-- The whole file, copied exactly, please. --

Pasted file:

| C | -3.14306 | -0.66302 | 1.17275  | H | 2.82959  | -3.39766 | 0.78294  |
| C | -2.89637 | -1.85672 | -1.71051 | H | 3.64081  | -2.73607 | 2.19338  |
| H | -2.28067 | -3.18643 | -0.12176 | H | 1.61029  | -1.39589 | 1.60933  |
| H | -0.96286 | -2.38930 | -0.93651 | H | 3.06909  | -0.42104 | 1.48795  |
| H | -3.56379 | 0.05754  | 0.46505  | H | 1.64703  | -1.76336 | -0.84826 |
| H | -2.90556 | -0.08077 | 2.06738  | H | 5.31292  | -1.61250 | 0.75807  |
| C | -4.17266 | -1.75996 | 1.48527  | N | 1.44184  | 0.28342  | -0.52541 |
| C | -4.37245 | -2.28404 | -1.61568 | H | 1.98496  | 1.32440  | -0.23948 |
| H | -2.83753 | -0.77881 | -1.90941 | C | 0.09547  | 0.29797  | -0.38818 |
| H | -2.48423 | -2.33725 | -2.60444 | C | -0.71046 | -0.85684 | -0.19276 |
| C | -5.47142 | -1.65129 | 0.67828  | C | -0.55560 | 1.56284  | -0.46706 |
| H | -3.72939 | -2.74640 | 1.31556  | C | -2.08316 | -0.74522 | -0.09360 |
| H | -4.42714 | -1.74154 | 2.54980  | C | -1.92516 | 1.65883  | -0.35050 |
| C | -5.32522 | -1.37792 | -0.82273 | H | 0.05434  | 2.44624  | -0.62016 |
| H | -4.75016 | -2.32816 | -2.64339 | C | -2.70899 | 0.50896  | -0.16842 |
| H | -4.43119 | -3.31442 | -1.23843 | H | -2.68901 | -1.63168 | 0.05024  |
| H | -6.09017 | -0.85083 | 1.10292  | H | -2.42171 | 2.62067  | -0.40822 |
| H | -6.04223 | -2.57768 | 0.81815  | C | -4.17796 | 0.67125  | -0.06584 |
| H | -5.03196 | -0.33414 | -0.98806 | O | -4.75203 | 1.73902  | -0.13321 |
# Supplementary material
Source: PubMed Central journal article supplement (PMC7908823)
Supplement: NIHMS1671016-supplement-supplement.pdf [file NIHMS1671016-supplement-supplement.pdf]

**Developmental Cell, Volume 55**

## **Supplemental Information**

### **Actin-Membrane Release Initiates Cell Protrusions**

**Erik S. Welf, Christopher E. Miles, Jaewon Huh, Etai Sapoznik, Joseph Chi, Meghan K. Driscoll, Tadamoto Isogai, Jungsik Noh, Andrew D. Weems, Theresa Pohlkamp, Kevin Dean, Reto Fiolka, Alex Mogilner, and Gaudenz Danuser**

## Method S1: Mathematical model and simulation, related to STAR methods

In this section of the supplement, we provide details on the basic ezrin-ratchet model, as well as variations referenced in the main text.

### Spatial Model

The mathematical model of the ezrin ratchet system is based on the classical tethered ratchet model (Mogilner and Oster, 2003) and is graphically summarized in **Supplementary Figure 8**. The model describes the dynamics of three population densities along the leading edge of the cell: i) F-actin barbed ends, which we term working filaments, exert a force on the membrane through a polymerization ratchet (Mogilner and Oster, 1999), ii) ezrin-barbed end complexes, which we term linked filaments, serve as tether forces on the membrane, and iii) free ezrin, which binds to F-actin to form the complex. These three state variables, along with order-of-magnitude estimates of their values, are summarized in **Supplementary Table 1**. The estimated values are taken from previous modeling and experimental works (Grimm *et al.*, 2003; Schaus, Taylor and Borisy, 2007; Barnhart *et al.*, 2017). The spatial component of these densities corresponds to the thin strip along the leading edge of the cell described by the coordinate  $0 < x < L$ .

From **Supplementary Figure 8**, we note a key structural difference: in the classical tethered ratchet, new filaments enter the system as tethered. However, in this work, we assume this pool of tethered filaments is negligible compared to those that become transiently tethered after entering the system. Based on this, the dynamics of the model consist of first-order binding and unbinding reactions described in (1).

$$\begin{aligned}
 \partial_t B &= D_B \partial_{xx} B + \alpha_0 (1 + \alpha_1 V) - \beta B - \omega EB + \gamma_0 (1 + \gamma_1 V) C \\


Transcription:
| C | -3.14306 | -0.66302 | 1.17275  | H | 2.82959  | -3.39766 | 0.78294  |
| C | -2.89637 | -1.85672 | -1.71051 | H | 3.64081  | -2.73607 | 2.19338  |
| H | -2.28067 | -3.18643 | -0.12176 | H | 1.61029  | -1.39589 | 1.60933  |
| H | -0.96286 | -2.38930 | -0.93651 | H | 3.06909  | -0.42104 | 1.48795  |
| H | -3.56379 | 0.05754  | 0.46505  | H | 1.64703  | -1.76336 | -0.84826 |
| H | -2.90556 | -0.08077 | 2.06738  | H | 5.31292  | -1.61250 | 0.75807  |
| C | -4.17266 | -1.75996 | 1.48527  | N | 1.44184  | 0.28342  | -0.52541 |
| C | -4.37245 | -2.28404 | -1.61568 | H | 1.98496  | 1.32440  | -0.23948 |
| H | -2.83753 | -0.77881 | -1.90941 | C | 0.09547  | 0.29797  | -0.38818 |
| H | -2.48423 | -2.33725 | -2.60444 | C | -0.71046 | -0.85684 | -0.19276 |
| C | -5.47142 | -1.65129 | 0.67828  | C | -0.55560 | 1.56284  | -0.46706 |
| H | -3.72939 | -2.74640 | 1.31556  | C | -2.08316 | -0.74522 | -0.09360 |
| H | -4.42714 | -1.74154 | 2.54980  | C | -1.92516 | 1.65883  | -0.35050 |
| C | -5.32522 | -1.37792 | -0.82273 | H | 0.05434  | 2.44624  | -0.62016 |
| H | -4.75016 | -2.32816 | -2.64339 | C | -2.70899 | 0.50896  | -0.16842 |
| H | -4.43119 | -3.31442 | -1.23843 | H | -2.68901 | -1.63168 | 0.05024  |
| H | -6.09017 | -0.85083 | 1.10292  | H | -2.42171 | 2.62067  | -0.40822 |
| H | -6.04223 | -2.57768 | 0.81815  | C | -4.17796 | 0.67125  | -0.06584 |
| H | -5.03196 | -0.33414 | -0.98806 | O | -4.75203 | 1.73902  | -0.13321 |
# Supplementary material
Source: PubMed Central journal article supplement (PMC7908823)
Supplement: NIHMS1671016-supplement-supplement.pdf [file NIHMS1671016-supplement-supplement.pdf]

**Developmental Cell, Volume 55**

## **Supplemental Information**

### **Actin-Membrane Release Initiates Cell Protrusions**

**Erik S. Welf, Christopher E. Miles, Jaewon Huh, Etai Sapoznik, Joseph Chi, Meghan K. Driscoll, Tadamoto Isogai, Jungsik Noh, Andrew D. Weems, Theresa Pohlkamp, Kevin Dean, Reto Fiolka, Alex Mogilner, and Gaudenz Danuser**

## Method S1: Mathematical model and simulation, related to STAR methods

In this section of the supplement, we provide details on the basic ezrin-ratchet model, as well as variations referenced in the main text.

### Spatial Model

The mathematical model of the ezrin ratchet system is based on the classical tethered ratchet model (Mogilner and Oster, 2003) and is graphically summarized in **Supplementary Figure 8**. The model describes the dynamics of three population densities along the leading edge of the cell: i) F-actin barbed ends, which we term working filaments, exert a force on the membrane through a polymerization ratchet (Mogilner and Oster, 1999), ii) ezrin-barbed end complexes, which we term linked filaments, serve as tether forces on the membrane, and iii) free ezrin, which binds to F-actin to form the complex. These three state variables, along with order-of-magnitude estimates of their values, are summarized in **Supplementary Table 1**. The estimated values are taken from previous modeling and experimental works (Grimm *et al.*, 2003; Schaus, Taylor and Borisy, 2007; Barnhart *et al.*, 2017). The spatial component of these densities corresponds to the thin strip along the leading edge of the cell described by the coordinate  $0 < x < L$ .

From **Supplementary Figure 8**, we note a key structural difference: in the classical tethered ratchet, new filaments enter the system as tethered. However, in this work, we assume this pool of tethered filaments is negligible compared to those that become transiently tethered after entering the system. Based on this, the dynamics of the model consist of first-order binding and unbinding reactions described in (1).

$$\begin{aligned}
 \partial_t B &= D_B \partial_{xx} B + \alpha_0 (1 + \alpha_1 V) - \beta B - \omega EB + \gamma_0 (1 + \gamma_1 V) C \\